Also at the EPA, the nomination of Andrew Wheeler — a former coal lobbyist — to serve as the No. 2 person at the EPA remains on hold, even though the Senate Environment and Public Works Committee approved Wheeler’s nomination in February, albeit in a 11-10 party-line vote.

An outspoken advocate for the coal industry, Wheeler has long questioned the mainstream consensus on climate change. In 2006, while working for the Senate environment committee, Wheeler suggested that the Earth might actually be going through a “cooling phase.”

“Public health would be far better served if Mr. Wheeler remains unconfirmed and another chemical corporation hired gun isn’t tapped to run chemical safety at EPA,” Cook told ThinkProgress. “If President Trump nominated people for these positions who actually have the experience and commitment in safeguarding human health and the environment from smokestack pollution and toxic chemicals, I’d bet they’d both pass with strong bipartisan support.”

The administration is also still looking to fill the chief scientist position at the U.S. Department of Agriculture after the president’s original nominee, Sam Clovis, withdrew his nomination after getting embroiled in the scandal over the Trump campaign’s relationship with Russian officials.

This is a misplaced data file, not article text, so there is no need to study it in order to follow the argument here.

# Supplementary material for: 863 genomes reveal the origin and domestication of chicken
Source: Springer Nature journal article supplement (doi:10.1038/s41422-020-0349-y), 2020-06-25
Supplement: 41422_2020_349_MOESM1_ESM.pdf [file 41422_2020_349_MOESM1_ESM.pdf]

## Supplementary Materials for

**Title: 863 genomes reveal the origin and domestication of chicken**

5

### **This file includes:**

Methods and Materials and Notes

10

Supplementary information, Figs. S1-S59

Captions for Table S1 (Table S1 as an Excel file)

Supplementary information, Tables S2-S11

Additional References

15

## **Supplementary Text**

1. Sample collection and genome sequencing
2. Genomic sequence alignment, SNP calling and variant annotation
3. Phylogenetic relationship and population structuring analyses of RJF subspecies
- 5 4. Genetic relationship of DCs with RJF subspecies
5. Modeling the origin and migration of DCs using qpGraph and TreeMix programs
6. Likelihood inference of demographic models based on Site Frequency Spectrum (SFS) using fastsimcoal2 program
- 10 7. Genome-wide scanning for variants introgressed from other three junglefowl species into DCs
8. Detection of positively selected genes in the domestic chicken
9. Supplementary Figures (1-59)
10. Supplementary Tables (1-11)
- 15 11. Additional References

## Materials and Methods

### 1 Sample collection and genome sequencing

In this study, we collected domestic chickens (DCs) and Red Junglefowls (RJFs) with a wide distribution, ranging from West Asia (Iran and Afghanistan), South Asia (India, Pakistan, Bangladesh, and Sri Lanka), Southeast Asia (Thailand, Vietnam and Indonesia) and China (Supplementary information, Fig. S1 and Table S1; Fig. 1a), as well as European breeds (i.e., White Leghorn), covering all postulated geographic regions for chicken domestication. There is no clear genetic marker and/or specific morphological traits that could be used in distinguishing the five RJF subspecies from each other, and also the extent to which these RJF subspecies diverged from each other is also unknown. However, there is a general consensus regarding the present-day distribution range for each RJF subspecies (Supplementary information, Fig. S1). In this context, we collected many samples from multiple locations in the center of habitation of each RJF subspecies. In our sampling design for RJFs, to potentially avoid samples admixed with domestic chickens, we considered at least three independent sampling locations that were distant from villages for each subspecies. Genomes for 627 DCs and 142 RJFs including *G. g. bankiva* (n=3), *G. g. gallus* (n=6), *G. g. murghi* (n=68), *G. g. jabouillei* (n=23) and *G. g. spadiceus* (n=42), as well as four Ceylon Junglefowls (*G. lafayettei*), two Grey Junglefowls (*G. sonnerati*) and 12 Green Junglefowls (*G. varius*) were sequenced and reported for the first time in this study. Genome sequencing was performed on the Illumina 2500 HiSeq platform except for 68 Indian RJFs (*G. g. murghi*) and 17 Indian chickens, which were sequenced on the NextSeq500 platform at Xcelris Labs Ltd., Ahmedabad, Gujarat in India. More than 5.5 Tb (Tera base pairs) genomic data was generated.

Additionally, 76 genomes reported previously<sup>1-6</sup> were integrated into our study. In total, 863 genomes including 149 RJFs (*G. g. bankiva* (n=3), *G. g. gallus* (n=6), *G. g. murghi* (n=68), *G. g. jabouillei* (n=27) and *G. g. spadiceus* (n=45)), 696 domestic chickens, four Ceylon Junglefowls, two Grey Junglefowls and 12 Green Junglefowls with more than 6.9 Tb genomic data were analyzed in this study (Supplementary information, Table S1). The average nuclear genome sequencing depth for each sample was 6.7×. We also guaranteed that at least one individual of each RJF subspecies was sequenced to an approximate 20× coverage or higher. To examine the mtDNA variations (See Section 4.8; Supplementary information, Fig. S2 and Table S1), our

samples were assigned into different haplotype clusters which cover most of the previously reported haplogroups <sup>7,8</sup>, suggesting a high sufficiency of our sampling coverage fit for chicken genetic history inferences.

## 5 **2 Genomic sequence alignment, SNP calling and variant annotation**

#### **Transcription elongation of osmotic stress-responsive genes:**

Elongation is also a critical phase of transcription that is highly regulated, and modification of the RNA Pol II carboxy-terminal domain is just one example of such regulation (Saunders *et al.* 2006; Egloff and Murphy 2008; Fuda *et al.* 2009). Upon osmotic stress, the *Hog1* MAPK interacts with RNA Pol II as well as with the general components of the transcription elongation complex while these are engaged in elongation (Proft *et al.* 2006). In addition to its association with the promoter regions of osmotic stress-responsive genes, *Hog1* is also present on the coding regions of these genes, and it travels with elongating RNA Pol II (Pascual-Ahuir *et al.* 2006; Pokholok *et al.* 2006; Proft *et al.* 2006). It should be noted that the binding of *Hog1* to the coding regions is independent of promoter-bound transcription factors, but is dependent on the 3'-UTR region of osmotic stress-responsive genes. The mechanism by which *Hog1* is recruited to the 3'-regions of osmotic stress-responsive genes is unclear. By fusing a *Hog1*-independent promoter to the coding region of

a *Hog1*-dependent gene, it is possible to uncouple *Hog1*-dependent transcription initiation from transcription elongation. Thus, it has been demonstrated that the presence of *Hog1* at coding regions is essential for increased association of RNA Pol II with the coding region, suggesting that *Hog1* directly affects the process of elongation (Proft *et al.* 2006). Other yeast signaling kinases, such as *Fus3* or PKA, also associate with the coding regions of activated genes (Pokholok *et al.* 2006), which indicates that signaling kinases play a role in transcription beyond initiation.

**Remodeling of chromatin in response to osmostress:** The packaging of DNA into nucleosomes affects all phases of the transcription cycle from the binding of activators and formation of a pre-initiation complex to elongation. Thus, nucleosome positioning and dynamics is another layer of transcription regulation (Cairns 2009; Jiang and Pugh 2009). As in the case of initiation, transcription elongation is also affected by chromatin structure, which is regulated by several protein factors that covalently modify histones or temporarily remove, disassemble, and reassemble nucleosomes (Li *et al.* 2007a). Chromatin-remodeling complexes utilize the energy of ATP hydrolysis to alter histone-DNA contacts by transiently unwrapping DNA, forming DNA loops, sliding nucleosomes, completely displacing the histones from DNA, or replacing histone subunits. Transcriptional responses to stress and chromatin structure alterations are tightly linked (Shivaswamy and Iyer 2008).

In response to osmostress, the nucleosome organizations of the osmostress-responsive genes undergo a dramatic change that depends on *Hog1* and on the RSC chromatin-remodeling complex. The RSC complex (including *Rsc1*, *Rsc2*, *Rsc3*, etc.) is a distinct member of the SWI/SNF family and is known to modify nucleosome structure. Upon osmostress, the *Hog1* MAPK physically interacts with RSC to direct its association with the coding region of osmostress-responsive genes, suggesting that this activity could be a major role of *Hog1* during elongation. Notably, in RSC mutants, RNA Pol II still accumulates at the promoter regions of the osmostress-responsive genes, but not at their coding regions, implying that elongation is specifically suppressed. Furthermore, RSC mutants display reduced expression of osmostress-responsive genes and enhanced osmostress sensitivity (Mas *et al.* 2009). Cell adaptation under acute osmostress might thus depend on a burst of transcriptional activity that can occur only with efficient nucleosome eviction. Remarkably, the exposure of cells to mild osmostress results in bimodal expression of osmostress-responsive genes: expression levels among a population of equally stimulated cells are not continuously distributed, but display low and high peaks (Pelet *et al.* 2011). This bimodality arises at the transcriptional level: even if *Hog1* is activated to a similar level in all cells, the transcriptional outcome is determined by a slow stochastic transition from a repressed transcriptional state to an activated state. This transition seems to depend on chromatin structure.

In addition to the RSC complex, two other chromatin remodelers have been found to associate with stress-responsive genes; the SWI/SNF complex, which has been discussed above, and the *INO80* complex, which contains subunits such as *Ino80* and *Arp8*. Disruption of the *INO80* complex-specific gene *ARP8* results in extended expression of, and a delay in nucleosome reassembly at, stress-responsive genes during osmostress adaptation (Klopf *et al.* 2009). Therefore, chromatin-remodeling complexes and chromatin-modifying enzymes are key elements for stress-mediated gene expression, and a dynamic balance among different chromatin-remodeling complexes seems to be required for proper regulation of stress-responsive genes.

Agriculture businesses, including manufacturers of pesticides and fertilizers, strongly supported Clovis’ nomination as chief scientist for the department. At the time of his nomination, Christopher Jahn, president of trade association the Fertilizer Institute, said “American agriculture will find a knowledgeable and strong advocate in Dr. Clovis.”

The absence of high-ranking officials in several agencies hasn’t stopped the Trump administration from pursuing its goal of returning the government below the level of regulation in 1960. But these efforts to cut regulations are being handled by political appointees that do not need Senate approval.

Sen. Tom Udall (D-NM) said he has “tremendous amount of concern about political people running the departments instead of Senate-confirmed people within the agencies that have been through a vetting process,” according to an E&E News report. “If you just have a political person in there who’s just handling the politics, the decisions are not good,” Udall said.